High pressure in systems leads to a smaller lattice constant. Thus the CDW phase with and is favored compared to the SDW phase with sites. If on the other hand the lattice is expanded, the SDW phase wins and becomes the ground state. SC cannot occur since the ground state is mainly ab + ba.
Figure 2 shows a total energy potential energy surfaces (PES) at the molecular level, as a function of a collective breathing mode for the carbon atoms. In the case given in Figure 2 the outer minima are lower, and this corresponds to the CDW case, the case that applies to all systems except .
The important thing is that the inner PES, corresponding to the SDW, is present slightly above the CDW-PES. In most cases there is an interaction between CDW and SDW that opens a gap. The lower state is aa + bb mixed with ab + ba. This energy level is denoted as aa + bb in Figure 2. The aa − bb is the upper state. Provided the lower state has a major component of aa + bb, the gap is a true SC gap. If, however, the SDW-PES is below the CDW-PES, the ab + ba component will be the major one in the lower state. Since ab + ba is the wave function which put an electron on A and one on B, EPT is not possible and hence there is no SC.
We arrive at the picture sketched in Figure 3. As the lattice constant () increases the CDW states, denoted aa + bb and aa − bb in Figure 3 are increasing in energy due to the numerically smaller lattice energy contribution according to (3). aa + bb interacts with ab + ba, and this interaction is maximized at the crossing point (Figure 3). The ground state is mainly of aa + bb type except for . In the ground state has a very large component of ab + ba, which means that the antiferromagnetic phase wins over SC phase. High pressure decreases the lattice constant for , changing the composition of the ground state. Interestingly, when the pressure is sufficient to change the phase into a SC phase, is the largest one, corresponding to in Figure 2.
A number of experiments have been carried out on -doped fullerides [16–18]. intercalates without causing any other change than increasing the lattice constant . As a function of volume/ the critical temperature increases monotonically. If the increase in lattice constant is too large, the minimum of the SDW-PES appear below the minimum of the CDW-PES and the SC is lost. Instead the antiferromagnetic phase appears. This is very clear from Figure 3. As we move to the right in the diagram the ground state wave function gets increased character of ab + ba, equivalent to antiferromagnetic coupling.
The structural change at electron transfer is associated with a total energy lowering denoted as “reorganization energy” (). Large is directly related to high effective mass in the Holstein model [34, 35]. For fullerenes has proven to be comparatively small in the cases examined, or about 0.05 eV for single electron transfer . As a comparison, is about 0.22 eV in polyacetylene . The Jahn-Teller effect or modifications due to chemical bonding between the fullerene molecules may modify some distances, but this is usually of little importance for .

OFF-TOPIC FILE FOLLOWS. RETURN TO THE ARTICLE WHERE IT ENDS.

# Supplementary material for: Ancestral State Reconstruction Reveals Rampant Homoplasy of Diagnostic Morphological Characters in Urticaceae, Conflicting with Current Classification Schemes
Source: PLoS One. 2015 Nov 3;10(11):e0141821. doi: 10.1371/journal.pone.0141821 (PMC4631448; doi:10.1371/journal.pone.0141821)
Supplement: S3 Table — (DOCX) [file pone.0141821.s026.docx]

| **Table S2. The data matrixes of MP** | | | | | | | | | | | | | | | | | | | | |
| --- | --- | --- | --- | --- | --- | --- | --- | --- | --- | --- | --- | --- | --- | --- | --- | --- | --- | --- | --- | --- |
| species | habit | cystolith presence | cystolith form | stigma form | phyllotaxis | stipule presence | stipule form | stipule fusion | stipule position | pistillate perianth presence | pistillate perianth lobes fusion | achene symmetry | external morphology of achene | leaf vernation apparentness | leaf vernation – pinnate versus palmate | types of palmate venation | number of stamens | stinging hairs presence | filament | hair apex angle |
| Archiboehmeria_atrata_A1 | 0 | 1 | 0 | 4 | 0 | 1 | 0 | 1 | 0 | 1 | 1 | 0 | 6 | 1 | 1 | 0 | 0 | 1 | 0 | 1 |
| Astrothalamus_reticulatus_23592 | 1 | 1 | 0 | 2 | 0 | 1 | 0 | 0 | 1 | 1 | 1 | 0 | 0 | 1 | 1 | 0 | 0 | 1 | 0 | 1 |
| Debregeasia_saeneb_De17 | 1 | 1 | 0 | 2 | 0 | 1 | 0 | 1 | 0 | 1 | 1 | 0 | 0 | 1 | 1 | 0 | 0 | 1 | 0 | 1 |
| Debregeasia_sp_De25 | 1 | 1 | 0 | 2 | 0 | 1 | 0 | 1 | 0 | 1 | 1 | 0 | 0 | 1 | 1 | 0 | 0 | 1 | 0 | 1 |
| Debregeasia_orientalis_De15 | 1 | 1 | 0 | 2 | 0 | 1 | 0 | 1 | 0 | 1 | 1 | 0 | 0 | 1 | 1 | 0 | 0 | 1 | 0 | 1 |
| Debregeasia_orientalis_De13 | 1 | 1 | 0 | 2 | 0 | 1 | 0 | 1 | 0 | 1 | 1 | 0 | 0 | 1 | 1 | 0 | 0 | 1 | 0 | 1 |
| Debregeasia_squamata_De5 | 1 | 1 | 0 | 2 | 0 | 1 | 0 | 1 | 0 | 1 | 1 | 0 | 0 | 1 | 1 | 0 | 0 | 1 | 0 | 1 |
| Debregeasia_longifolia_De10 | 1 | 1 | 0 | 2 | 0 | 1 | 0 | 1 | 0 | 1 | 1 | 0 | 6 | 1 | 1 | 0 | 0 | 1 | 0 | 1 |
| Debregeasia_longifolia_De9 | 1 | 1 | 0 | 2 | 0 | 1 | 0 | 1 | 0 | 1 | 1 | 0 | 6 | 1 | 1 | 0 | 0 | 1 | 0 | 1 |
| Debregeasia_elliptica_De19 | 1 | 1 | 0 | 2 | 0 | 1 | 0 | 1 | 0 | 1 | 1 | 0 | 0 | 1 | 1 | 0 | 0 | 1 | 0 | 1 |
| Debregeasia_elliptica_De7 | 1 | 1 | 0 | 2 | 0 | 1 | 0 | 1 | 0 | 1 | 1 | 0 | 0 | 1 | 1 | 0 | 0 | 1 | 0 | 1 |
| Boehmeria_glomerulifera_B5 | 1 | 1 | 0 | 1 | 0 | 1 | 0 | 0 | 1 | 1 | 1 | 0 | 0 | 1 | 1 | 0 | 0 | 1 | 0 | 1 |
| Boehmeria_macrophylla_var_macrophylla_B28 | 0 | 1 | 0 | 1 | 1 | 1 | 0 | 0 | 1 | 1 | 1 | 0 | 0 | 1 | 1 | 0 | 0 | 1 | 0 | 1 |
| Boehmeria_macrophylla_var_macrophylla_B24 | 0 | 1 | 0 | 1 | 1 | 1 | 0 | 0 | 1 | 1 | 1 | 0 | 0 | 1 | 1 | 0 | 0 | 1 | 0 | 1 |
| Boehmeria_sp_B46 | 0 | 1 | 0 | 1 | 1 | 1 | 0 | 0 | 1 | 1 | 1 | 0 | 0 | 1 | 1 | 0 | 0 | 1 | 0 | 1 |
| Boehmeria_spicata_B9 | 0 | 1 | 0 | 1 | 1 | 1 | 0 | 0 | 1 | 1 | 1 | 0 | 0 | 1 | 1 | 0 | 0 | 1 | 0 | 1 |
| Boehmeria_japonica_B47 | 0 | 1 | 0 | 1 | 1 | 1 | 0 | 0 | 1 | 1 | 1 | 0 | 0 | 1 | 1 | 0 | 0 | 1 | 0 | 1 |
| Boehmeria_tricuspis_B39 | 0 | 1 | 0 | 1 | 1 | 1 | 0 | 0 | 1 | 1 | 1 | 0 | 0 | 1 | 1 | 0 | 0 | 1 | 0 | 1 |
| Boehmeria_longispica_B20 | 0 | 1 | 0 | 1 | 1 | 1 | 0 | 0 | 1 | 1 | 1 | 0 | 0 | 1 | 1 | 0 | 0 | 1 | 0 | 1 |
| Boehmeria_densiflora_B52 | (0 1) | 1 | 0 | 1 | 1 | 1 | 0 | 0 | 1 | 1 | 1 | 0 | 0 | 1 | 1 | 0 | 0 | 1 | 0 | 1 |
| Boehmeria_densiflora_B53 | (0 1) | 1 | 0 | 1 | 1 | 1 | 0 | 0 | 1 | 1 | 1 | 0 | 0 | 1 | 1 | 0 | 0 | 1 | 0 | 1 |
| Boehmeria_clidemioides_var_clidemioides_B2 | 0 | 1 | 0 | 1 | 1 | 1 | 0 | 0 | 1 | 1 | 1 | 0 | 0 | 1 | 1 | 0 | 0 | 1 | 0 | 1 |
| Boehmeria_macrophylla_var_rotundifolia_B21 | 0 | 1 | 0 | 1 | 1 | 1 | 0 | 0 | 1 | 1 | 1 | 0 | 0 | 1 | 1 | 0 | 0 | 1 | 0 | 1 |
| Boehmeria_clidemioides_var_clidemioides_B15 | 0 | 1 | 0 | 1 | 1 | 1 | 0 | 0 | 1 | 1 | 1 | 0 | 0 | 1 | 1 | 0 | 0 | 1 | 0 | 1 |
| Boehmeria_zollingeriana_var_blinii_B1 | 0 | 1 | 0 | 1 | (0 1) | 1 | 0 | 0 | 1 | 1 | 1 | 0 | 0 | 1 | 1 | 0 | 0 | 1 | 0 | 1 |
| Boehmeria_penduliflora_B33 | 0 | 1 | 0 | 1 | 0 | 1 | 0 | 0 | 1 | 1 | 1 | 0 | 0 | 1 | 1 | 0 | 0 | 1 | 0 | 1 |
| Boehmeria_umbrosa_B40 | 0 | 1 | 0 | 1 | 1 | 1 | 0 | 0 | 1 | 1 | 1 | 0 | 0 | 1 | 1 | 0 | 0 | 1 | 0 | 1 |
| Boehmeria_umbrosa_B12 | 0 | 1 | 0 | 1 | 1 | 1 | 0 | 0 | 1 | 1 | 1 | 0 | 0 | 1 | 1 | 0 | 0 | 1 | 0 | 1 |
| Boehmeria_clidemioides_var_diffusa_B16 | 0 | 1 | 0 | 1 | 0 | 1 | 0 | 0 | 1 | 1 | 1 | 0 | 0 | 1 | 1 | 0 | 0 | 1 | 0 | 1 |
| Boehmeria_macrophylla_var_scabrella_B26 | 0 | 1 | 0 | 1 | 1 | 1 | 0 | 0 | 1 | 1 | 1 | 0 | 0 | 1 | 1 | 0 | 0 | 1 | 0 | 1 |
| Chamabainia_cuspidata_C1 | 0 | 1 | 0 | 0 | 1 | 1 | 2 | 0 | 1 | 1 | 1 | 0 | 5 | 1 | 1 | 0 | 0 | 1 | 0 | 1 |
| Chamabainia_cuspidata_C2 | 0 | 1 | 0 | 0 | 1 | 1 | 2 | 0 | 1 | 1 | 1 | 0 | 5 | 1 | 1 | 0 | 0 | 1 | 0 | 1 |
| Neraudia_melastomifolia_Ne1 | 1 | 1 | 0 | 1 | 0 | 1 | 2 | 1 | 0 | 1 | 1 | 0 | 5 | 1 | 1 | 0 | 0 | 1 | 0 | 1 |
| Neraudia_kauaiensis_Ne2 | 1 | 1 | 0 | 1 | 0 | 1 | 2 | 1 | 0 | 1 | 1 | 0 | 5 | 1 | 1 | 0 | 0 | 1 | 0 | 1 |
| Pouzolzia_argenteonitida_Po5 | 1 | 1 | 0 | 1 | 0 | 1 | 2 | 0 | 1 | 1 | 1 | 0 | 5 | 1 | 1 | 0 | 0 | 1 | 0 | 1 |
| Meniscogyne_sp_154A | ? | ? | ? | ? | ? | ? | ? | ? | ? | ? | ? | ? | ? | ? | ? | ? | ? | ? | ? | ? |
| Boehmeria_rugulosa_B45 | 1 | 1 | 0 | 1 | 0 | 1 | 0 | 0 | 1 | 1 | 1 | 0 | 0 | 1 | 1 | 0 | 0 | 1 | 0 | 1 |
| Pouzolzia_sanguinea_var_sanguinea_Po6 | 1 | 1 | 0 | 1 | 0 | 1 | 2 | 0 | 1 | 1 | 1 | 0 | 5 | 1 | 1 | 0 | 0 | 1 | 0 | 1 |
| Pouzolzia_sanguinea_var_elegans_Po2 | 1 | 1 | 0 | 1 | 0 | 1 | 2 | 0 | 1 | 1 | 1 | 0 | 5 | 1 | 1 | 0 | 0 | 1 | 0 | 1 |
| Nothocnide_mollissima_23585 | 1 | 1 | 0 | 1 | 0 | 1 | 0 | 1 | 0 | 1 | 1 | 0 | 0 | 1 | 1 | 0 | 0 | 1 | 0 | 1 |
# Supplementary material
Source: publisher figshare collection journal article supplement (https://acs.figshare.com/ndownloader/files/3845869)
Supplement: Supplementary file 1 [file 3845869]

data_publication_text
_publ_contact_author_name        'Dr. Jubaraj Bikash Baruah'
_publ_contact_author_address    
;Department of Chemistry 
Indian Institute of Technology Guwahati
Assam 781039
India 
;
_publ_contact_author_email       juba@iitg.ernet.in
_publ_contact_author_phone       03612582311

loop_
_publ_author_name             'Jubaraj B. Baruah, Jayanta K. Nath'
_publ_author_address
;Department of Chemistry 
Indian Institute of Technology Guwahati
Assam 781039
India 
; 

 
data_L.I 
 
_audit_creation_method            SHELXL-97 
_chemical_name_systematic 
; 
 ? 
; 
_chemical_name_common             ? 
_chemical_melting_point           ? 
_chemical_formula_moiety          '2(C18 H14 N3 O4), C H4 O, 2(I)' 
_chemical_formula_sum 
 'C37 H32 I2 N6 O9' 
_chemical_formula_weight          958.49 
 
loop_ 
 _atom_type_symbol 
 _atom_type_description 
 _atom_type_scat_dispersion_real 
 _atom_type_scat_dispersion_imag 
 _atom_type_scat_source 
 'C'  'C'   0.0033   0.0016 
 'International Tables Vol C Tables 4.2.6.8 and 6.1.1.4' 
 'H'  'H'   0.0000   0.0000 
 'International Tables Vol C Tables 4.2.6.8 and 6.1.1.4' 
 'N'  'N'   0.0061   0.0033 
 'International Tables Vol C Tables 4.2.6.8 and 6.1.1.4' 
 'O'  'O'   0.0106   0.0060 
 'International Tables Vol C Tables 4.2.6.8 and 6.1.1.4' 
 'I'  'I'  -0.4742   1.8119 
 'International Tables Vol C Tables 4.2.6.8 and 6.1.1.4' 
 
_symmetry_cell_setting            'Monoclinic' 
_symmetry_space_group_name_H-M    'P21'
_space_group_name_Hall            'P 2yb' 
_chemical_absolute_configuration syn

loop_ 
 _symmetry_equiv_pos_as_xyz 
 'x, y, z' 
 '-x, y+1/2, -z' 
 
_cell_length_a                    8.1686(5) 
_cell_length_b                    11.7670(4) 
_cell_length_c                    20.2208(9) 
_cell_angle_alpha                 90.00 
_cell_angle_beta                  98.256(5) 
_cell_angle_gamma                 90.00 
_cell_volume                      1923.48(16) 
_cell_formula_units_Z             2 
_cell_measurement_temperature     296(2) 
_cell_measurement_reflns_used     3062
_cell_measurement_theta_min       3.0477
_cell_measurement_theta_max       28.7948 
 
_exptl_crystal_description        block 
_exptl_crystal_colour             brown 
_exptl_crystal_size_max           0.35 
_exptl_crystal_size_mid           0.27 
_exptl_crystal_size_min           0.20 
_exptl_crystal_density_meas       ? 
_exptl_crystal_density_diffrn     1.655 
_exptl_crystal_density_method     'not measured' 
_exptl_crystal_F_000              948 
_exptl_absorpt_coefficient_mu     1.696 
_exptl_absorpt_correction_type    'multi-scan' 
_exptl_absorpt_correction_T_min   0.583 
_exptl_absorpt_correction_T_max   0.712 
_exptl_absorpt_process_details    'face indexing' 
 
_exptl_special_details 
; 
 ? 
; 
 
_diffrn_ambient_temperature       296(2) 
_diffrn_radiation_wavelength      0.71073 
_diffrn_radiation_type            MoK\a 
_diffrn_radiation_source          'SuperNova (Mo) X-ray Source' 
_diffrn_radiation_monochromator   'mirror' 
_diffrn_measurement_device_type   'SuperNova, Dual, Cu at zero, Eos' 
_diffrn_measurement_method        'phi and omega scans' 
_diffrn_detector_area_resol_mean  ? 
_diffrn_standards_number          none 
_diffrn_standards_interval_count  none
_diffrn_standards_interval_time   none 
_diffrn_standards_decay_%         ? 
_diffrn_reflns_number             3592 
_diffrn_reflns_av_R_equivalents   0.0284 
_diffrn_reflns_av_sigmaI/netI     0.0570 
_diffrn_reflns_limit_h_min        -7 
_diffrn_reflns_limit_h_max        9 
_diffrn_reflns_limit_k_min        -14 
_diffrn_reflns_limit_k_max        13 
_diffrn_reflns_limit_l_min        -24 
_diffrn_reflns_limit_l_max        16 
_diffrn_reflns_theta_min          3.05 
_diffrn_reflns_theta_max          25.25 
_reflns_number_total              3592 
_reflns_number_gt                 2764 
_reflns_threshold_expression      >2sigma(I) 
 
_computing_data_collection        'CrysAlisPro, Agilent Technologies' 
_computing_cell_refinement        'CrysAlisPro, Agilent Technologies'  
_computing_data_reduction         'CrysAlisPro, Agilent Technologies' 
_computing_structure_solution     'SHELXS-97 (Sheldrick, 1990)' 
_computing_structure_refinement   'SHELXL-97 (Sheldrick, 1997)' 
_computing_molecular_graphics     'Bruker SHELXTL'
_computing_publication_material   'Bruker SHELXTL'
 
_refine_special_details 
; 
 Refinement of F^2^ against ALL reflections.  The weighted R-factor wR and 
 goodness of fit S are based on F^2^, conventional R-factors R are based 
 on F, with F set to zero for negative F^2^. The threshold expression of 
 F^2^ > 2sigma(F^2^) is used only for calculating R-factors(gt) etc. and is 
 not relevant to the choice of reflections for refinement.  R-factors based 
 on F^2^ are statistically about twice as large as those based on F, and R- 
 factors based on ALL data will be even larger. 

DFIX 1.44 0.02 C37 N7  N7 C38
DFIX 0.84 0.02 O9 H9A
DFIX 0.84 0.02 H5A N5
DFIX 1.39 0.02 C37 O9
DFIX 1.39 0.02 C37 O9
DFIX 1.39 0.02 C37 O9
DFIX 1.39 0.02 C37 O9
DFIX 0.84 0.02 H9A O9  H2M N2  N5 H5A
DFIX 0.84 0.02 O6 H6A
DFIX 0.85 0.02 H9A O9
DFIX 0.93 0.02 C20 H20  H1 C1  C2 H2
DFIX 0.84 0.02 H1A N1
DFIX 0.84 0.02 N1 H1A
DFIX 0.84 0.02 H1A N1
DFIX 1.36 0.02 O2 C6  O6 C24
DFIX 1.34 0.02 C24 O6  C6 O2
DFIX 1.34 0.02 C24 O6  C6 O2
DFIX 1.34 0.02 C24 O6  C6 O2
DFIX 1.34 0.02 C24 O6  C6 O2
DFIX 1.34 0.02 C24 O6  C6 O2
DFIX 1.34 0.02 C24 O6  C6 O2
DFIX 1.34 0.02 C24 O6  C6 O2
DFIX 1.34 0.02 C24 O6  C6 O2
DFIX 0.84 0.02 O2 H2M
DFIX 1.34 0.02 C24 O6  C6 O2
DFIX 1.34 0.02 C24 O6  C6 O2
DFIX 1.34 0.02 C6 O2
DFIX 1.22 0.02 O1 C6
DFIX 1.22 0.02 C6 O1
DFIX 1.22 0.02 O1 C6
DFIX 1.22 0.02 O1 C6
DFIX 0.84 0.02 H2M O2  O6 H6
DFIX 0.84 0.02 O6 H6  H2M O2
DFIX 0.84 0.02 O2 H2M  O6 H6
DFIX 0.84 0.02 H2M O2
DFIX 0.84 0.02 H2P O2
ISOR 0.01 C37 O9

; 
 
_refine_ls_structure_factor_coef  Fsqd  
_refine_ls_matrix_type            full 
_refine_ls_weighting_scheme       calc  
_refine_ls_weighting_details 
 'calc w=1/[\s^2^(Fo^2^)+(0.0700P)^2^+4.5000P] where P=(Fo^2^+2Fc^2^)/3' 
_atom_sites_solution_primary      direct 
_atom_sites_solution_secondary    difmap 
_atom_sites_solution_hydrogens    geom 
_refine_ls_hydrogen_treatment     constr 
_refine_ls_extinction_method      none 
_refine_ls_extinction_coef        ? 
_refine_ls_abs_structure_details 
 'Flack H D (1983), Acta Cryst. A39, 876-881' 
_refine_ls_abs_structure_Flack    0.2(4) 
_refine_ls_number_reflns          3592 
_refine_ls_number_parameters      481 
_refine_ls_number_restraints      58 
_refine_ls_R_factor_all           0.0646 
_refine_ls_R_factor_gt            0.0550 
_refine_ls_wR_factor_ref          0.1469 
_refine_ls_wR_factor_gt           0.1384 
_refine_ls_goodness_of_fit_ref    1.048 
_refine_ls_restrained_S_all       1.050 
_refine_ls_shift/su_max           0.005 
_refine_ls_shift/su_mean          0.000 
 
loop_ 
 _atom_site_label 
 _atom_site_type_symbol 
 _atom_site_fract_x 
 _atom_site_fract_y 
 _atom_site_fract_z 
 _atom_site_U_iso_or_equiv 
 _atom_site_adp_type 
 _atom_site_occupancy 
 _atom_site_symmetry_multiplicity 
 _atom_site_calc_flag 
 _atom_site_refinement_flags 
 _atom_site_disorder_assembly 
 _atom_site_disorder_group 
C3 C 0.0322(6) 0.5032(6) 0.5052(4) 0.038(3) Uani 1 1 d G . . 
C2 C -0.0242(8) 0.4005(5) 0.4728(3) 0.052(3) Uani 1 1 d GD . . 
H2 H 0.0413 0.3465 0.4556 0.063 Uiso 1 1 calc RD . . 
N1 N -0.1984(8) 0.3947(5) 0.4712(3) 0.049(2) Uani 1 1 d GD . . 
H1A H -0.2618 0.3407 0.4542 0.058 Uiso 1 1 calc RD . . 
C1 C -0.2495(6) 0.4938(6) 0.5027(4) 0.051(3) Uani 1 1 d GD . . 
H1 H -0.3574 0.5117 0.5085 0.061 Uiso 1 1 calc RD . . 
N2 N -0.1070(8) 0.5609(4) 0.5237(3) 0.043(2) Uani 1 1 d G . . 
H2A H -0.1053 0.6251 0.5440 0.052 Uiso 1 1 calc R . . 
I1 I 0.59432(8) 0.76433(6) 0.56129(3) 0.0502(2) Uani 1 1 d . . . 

The coupling in the case of electron pair transfer is well defined and different from the coupling in single electron transfer and, of course, different from magnetic couplings. The most important difference is that the a2 and b2 states do not couple directly, but assume the presence of the SDW ab + ba state. In principle the coupling may be calculated in a quantum chemical calculation that includes two molecules.
An important problem is to understand why A4 is an insulator. A4 with an unfilled shell-like has a different Hubbard . Equation (3) corresponds to the following equation:
We now see that the right member consists of two odd-electron systems, while A4 itself has an even number of electrons, of course. Referring to the fact that systems with an even number of electrons generally have lower energy than systems with an odd number of electrons, it is quite simple to understand why (3) has a close to zero, while for (4) is decidedly positive. In any case this may be verified in quantum chemical calculations which involve two adjacent molecules.
Knupfer and Fink have used electron energy loss spectroscopy (EELS) for A4 systems and found that Mott-Hubbard behavior with is larger than the one for the systems . Iwasa applied reflection techniques to , verifying the metallic properties with . Other experiments show a similar trend .
The reason why A4 systems are nonSC may be large Hubbard , as discussed by Rosseinsky . Another important possibility may be that Jahn-Teller effect splits the t1u level as shown in STM experiments . The lower level is fully occupied , making charge transfer impossible.
In this paper we have shown that a molecular model provides a satisfactory explanation of the dependence of on lattice constant in systems. The model is based on the structural dynamics that is connected to EPT and oxidation state degeneracy. Decrease of the lattice constant in due to increased pressure leads to appearance of SC. If the pressure is further increased, increases at first, but eventually shares the fate of the other fullerides, so that decreases with increased pressure. The fact that increases with increased pressure at first is a problem not only in the BCS model but also in the present model. Since this problem has to do with the properties of the ground state wave function [(ab + ba) versus (aa + bb) character], it would be unwise to dig deeper into this problem without accurate calculations.